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Questions about publishing short fiction online

A few months ago, I was at a retirement party for a newspaper editor and the subject of publishing material online for free came up.  “Who ever thought it was a good idea to give away your main product for free?” asked one veteran journalist.  “I remember when I was at Time and we looked at it.  One of the smartest people I know said, ‘If you start giving it away, no one’s going to pay for it.’”

That comment has been echoing in my head a lot lately.  At Readercon, a veteran editor told me, “Even with PayPal, I think it’s going to get harder and harder to get anyone to pay for anything online.  There’s just too much out there for free.”

On August 3, John Scalzi posted in his blog (http://scalzi.com/whatever/?p=1231) that his story “After the Coup” published at www.tor.com has already gotten 49,566 hits, which is close to the combined circulations for Asimov’s, Analog, and F&SF.  When I pointed out that he was comparing the number of paying customers with the number of people who took a freebie, he replied, ‘Well, on my end, I’m comparing eyeballs to eyeballs.’”

Here at F&SF, we’re open to experimentation and for the past year or so, we’ve been publishing one reprint a month on our Website.  Last month, the free story was “The Political Officer” by Charles Coleman Finlay.  A few days ago, someone posted on our message board  (http://nightshadebooks.com/discus/messages/378/12233.html?1219150161) that he wanted to read that story.  I explained that it was no longer on our Website but he could buy a copy of that back issue from us or from Fictionwise.

As I did so, I realized that I was putting a reader in a position where he had to decide if he would pay for something he could have had for free just a few days earlier . . . which doesn’t strike me as a good position.  I know that I don’t like being asked to make such a choice.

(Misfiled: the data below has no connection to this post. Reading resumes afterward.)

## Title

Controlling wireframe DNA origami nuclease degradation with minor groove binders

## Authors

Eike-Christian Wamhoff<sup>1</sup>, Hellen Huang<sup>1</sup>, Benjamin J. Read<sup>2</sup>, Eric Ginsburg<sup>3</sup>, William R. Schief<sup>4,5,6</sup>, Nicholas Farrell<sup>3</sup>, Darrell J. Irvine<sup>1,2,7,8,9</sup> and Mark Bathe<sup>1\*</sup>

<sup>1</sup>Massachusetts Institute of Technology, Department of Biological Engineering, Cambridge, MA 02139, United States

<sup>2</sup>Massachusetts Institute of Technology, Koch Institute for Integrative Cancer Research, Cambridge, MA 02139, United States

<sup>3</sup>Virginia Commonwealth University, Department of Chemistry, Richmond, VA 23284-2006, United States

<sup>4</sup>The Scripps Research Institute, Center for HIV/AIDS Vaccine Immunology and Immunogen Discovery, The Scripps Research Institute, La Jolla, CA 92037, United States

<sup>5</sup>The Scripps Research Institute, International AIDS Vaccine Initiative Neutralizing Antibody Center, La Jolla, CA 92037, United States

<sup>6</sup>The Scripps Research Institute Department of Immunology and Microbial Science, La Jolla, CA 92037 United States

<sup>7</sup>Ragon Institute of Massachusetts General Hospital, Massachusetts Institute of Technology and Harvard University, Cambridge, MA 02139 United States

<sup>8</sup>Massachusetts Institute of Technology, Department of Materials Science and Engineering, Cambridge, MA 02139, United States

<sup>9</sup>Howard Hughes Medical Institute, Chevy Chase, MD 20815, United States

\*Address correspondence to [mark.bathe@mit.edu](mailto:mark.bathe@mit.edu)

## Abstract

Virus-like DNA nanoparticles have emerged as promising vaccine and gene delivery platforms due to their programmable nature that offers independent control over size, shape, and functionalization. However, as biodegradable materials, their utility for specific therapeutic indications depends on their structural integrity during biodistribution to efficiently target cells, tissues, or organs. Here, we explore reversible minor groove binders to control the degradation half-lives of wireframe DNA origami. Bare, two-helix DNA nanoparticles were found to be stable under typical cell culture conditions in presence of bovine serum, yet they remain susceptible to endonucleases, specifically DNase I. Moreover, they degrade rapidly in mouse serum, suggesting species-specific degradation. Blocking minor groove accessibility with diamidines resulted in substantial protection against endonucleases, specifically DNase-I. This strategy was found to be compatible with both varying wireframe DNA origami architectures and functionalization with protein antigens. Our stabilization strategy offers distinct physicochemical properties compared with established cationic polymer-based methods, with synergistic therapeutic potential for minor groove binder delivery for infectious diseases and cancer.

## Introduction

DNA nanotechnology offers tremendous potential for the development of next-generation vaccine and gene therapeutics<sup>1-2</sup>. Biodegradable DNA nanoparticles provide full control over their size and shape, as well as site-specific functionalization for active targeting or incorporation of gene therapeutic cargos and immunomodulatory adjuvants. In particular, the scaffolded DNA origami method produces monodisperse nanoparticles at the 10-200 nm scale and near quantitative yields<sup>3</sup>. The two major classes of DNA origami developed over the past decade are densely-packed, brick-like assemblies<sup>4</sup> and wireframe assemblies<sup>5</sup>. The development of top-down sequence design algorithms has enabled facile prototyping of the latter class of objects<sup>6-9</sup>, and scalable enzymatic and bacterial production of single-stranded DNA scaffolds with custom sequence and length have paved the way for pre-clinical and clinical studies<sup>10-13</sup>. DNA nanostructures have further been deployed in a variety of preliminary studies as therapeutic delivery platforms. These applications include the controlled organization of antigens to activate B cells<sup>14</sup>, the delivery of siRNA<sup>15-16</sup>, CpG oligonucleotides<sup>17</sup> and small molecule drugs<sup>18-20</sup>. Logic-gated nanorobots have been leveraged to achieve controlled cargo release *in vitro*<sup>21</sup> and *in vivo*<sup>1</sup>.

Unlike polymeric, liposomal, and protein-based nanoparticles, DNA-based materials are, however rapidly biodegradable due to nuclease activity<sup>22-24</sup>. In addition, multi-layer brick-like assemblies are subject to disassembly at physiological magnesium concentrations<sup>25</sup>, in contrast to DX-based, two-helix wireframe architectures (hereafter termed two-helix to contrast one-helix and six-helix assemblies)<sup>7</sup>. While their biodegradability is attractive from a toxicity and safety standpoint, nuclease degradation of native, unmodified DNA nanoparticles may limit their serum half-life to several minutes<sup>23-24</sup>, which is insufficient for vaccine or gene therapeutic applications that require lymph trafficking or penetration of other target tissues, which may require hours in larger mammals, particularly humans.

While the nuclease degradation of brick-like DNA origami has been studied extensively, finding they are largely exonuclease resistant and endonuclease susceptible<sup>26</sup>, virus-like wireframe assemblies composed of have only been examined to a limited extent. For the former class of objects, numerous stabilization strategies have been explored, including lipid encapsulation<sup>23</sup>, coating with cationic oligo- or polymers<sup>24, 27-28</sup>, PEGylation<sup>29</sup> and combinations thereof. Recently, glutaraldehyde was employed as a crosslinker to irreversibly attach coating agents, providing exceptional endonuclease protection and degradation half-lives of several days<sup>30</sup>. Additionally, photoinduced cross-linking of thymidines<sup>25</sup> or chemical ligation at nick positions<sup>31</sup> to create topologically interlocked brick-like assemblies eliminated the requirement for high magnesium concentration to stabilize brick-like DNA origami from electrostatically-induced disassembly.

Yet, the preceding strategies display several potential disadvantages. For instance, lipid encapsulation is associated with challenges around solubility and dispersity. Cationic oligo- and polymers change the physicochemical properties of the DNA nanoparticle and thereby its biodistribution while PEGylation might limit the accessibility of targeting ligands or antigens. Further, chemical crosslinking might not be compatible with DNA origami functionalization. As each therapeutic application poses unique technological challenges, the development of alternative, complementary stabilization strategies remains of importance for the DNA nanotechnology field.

So I started to wonder: has short fiction been devalued by the fact that so many places offer it for free online nowadays?

I was thinking of this question in terms of contrast with trilogies.  The format of a trilogy has been around for a long time, but I think it’s accurate to say that in the 1970s and ‘80s, book publishers (especially the team of Lester and Judy-Lynn del Rey) trained readers to expect fantasy fiction to come in series formats, particularly in sets of three.  For instance, Stephen Donaldson’s original Chronicles of Thomas Covenant were one book—the del Reys split it into three volumes and published the trilogy to great success.  Nowadays, it’s noteworthy when someone published a fantasy novel and nothing indicates that the book is the start of a series.

I look at trilogies and the form appears to me to be thriving.  But I don’t see many publishers giving away the books for free.  By contrast, I see publishers posting short fiction for free in many places, but I don’t see many of those publishers reaping rewards for their efforts.  I think short fiction giveaways have been good for individual authors, but are they working for publishers?

Also, I realized that I’ve done something extremely stupid.  I’ve run an experiment without trying to measure the results.  Sure, we’ve looked at the number of hits our online stories and columns get, and we’ve done one or two other things to measure the effects of our online publications, but we’ve never done a survey.

So I’m posting now to ask for feedback on a few things:

  •  When you read a story online that you like, do you feel inclined to support the publisher of the piece?
  • Have you ever subscribed to a print magazine on account of a story you read on their site?
  • Most magazine publishers post their Hugo- and Nebula-nominated stories online for free.  If F&SF started charging the cost of an issue to read these stories, would you do so?
  • Do you think the prevalence of free short fiction online has made you less inclined to pay for short fiction?

Please note that I’m trying to keep the discussion just to fiction (not articles).

If you would care to do so, I’d be grateful if you’d include your age with your post.  No need to get specific—I just want to know if you’re in your teens or if you’re in your eighties.

And finally, please be aware that I plan to convert this post into an editorial for the print magazine, so don’t post anything here that you wouldn’t want me to reprint.  If you’d like to comment but don’t want to do so in public, you can use the Contact Us form on our Website (here: http://www.sfsite.com/fsf/contact.htm).  Write “DNQ” on your email if you don’t want to be quoted.

Thanks for your feedback.

—GVG

F&SF, September 2008 now on sale!